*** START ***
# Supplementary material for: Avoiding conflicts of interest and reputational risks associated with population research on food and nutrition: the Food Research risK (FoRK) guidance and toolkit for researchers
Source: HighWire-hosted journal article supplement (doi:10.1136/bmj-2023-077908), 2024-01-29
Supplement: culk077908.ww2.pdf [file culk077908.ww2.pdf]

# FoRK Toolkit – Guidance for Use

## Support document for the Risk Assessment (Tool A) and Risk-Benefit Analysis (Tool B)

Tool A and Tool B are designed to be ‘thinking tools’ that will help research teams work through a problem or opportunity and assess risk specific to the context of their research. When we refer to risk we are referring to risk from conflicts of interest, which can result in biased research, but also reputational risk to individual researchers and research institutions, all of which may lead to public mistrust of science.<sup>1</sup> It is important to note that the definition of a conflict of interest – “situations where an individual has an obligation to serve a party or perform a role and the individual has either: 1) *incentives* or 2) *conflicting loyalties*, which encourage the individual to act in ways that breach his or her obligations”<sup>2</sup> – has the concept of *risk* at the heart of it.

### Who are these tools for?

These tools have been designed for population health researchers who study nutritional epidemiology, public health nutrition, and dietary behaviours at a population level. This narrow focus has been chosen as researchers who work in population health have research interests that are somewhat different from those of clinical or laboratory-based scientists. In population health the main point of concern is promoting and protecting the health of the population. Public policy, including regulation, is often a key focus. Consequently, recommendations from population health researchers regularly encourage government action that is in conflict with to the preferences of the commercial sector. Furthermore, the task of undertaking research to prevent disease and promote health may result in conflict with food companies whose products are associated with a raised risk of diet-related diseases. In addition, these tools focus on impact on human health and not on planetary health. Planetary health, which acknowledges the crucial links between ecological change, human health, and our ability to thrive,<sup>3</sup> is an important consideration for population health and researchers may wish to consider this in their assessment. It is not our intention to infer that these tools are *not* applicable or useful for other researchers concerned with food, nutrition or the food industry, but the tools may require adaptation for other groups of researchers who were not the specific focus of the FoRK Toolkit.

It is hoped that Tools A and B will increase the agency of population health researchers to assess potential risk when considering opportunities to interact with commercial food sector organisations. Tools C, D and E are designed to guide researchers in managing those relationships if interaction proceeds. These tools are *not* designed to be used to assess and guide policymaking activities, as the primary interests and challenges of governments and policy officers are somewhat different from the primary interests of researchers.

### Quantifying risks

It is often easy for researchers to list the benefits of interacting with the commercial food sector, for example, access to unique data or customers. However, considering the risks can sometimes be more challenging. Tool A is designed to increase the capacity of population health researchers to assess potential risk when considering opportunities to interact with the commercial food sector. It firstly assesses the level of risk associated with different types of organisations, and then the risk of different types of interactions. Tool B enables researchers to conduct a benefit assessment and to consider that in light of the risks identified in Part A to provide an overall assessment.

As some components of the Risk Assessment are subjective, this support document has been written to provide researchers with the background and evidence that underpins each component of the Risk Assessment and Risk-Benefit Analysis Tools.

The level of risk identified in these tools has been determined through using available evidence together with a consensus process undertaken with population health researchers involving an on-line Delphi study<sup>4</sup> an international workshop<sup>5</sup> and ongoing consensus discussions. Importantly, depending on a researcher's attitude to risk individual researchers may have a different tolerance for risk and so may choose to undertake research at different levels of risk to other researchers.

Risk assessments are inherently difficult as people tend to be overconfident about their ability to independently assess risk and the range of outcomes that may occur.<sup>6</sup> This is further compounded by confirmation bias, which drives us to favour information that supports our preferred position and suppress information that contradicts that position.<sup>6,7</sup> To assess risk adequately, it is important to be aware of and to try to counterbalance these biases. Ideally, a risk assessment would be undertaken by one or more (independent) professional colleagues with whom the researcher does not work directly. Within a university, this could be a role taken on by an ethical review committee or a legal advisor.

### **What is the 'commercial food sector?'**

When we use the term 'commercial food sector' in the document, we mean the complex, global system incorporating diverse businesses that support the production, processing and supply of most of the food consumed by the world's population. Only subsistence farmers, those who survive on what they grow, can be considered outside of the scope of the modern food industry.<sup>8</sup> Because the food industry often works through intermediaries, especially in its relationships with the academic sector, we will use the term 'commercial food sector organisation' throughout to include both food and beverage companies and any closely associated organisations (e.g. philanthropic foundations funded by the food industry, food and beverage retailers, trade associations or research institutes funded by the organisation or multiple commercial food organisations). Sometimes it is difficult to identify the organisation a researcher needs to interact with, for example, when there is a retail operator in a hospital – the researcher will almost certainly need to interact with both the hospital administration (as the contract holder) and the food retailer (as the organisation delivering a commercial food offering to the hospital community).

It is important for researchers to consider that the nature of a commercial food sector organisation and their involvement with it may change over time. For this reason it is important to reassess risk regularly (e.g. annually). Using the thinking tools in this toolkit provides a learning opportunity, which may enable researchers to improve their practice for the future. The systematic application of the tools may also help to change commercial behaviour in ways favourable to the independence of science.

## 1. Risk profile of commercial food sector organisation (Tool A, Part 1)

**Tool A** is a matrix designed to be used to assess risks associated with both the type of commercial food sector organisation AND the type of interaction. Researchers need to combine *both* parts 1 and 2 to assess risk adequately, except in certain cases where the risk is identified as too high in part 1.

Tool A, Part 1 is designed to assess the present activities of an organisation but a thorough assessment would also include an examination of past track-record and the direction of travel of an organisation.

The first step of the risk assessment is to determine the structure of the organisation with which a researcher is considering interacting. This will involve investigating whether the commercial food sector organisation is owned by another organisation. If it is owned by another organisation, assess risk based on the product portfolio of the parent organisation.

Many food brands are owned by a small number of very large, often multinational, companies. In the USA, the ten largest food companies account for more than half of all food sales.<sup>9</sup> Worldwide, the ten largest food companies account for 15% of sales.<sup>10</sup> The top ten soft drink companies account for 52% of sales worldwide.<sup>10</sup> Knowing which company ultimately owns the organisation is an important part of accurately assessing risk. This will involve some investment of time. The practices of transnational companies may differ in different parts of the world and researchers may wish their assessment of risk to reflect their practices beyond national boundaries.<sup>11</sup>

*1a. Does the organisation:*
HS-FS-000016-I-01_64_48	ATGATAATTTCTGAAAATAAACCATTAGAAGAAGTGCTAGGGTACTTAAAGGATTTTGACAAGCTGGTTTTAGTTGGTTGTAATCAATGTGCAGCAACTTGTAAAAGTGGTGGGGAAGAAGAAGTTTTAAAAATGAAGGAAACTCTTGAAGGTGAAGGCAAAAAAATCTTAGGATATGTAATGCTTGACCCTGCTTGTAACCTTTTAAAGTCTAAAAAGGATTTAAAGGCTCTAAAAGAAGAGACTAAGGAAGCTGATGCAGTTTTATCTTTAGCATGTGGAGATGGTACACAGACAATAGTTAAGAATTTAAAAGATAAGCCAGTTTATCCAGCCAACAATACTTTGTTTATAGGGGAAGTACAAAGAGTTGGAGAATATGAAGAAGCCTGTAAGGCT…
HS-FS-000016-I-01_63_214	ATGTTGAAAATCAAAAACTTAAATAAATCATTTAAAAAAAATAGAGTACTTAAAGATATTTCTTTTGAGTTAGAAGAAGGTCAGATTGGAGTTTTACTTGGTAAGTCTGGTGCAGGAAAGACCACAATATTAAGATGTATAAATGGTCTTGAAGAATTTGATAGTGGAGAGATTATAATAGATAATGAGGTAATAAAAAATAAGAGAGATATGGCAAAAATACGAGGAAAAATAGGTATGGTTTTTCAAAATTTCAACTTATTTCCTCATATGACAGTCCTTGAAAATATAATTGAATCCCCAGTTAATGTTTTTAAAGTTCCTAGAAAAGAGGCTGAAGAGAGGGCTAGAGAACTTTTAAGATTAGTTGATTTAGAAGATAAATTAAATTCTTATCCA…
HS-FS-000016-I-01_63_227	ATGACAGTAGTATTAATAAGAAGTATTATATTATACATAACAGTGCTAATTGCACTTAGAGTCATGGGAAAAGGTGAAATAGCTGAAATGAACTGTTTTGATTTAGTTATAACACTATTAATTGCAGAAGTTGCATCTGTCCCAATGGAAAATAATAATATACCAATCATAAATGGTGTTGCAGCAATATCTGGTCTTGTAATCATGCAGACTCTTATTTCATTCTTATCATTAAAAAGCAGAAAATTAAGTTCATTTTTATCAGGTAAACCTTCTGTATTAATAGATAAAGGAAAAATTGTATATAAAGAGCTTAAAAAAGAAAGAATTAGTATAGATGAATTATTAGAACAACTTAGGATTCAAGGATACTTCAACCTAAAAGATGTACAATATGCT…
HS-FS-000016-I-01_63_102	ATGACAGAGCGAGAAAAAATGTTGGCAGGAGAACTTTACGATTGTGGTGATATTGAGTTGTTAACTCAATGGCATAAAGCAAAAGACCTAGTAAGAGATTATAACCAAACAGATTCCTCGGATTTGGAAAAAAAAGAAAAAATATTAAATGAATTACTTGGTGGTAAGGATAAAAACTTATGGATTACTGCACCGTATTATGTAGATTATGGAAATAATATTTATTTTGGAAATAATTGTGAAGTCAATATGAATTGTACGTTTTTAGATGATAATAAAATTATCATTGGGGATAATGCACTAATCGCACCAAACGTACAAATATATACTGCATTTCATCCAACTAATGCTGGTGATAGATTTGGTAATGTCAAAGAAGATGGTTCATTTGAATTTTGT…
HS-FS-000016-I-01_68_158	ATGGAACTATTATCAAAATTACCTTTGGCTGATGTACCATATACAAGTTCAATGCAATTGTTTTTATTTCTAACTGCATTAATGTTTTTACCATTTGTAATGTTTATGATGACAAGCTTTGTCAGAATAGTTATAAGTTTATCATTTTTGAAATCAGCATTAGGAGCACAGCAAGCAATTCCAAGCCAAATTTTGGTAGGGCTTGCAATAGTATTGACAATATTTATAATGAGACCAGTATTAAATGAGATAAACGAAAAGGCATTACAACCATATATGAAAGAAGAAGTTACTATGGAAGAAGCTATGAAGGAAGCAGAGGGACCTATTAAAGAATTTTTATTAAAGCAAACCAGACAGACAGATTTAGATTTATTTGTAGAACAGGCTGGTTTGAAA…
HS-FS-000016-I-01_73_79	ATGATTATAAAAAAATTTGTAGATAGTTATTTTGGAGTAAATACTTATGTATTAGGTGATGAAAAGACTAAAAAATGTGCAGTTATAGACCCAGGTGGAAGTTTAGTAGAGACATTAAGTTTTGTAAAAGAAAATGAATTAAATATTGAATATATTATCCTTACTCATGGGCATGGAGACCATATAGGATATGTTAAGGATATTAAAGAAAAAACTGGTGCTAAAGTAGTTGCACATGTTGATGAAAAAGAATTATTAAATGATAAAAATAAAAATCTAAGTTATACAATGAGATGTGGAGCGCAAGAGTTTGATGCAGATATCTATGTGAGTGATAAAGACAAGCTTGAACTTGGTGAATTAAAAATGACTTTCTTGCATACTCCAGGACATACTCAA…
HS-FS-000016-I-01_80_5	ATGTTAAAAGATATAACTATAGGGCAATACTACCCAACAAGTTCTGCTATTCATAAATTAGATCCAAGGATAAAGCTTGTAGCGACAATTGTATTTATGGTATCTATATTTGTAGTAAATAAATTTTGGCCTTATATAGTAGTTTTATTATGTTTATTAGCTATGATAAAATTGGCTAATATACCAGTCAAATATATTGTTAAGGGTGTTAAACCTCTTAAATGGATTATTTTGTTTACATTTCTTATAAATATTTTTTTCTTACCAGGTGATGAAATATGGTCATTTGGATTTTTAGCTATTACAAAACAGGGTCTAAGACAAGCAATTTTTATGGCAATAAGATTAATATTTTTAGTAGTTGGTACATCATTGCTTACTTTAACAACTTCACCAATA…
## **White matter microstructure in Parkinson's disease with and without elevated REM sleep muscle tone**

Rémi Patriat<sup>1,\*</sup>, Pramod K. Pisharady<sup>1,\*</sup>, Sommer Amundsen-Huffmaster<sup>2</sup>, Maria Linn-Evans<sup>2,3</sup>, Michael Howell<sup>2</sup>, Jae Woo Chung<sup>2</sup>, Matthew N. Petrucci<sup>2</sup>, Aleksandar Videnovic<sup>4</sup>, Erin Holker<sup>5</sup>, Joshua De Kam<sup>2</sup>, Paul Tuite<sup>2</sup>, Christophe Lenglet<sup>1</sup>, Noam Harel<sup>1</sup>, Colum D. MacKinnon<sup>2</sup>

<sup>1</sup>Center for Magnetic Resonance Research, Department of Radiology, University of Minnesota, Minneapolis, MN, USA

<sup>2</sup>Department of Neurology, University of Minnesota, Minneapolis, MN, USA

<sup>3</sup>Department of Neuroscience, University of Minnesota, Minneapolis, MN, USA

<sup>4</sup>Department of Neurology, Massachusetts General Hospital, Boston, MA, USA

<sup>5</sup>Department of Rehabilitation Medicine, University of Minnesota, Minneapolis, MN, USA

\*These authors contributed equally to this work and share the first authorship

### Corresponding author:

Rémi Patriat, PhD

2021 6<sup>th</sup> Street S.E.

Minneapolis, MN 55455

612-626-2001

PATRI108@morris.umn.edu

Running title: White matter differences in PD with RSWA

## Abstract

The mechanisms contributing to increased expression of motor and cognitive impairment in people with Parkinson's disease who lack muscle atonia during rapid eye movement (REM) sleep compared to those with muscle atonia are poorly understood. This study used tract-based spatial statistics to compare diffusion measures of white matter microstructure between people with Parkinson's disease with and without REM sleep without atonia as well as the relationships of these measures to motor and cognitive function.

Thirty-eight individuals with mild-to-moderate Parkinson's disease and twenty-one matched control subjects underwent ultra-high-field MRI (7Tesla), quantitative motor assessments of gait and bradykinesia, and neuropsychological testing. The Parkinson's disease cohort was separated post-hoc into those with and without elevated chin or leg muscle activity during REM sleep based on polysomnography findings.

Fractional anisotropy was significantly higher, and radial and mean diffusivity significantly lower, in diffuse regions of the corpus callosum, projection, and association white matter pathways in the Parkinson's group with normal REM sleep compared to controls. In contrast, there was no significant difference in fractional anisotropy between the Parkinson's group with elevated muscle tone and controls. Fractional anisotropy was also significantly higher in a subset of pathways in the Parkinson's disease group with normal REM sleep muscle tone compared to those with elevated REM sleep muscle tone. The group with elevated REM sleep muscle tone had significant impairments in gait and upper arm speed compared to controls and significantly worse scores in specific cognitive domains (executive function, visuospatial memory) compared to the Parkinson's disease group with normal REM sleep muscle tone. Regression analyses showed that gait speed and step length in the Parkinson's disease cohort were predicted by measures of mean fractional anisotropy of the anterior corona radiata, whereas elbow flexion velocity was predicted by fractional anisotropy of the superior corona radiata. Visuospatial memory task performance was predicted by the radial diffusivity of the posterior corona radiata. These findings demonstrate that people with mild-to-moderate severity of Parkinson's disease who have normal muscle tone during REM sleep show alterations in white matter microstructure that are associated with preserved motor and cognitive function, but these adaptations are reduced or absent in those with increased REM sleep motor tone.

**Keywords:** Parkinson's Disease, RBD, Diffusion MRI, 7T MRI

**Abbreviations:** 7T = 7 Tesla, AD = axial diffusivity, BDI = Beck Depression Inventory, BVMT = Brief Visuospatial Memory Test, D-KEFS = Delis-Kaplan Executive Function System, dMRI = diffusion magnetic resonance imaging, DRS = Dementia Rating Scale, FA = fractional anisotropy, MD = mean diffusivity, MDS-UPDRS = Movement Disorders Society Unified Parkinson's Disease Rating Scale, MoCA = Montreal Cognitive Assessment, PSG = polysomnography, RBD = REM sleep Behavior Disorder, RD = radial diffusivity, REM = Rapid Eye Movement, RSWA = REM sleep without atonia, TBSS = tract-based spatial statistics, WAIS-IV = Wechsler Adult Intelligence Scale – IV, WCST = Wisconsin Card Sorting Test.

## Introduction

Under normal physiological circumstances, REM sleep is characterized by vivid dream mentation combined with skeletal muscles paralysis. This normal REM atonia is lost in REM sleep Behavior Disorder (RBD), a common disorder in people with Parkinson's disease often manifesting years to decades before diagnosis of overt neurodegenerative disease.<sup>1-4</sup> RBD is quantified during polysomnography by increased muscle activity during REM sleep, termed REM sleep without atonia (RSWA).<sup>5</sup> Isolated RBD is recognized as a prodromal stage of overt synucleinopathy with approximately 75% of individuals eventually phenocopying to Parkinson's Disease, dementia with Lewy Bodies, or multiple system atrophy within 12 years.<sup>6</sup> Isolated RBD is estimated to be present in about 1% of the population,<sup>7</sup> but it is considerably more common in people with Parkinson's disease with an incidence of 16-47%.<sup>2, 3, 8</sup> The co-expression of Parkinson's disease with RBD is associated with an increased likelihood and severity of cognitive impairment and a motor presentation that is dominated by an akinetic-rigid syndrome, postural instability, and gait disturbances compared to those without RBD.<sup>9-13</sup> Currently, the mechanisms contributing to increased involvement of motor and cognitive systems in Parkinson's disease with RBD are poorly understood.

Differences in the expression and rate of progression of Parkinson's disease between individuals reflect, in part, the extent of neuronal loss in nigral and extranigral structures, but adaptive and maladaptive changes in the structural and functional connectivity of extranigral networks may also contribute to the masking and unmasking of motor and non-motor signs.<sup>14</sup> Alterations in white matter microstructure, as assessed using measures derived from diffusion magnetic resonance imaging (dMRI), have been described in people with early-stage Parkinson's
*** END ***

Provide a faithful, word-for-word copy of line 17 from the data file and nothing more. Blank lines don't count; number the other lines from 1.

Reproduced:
It is important for researchers to consider that the nature of a commercial food sector organisation and their involvement with it may change over time. For this reason it is important to reassess risk regularly (e.g. annually). Using the thinking tools in this toolkit provides a learning opportunity, which may enable researchers to improve their practice for the future. The systematic application of the tools may also help to change commercial behaviour in ways favourable to the independence of science.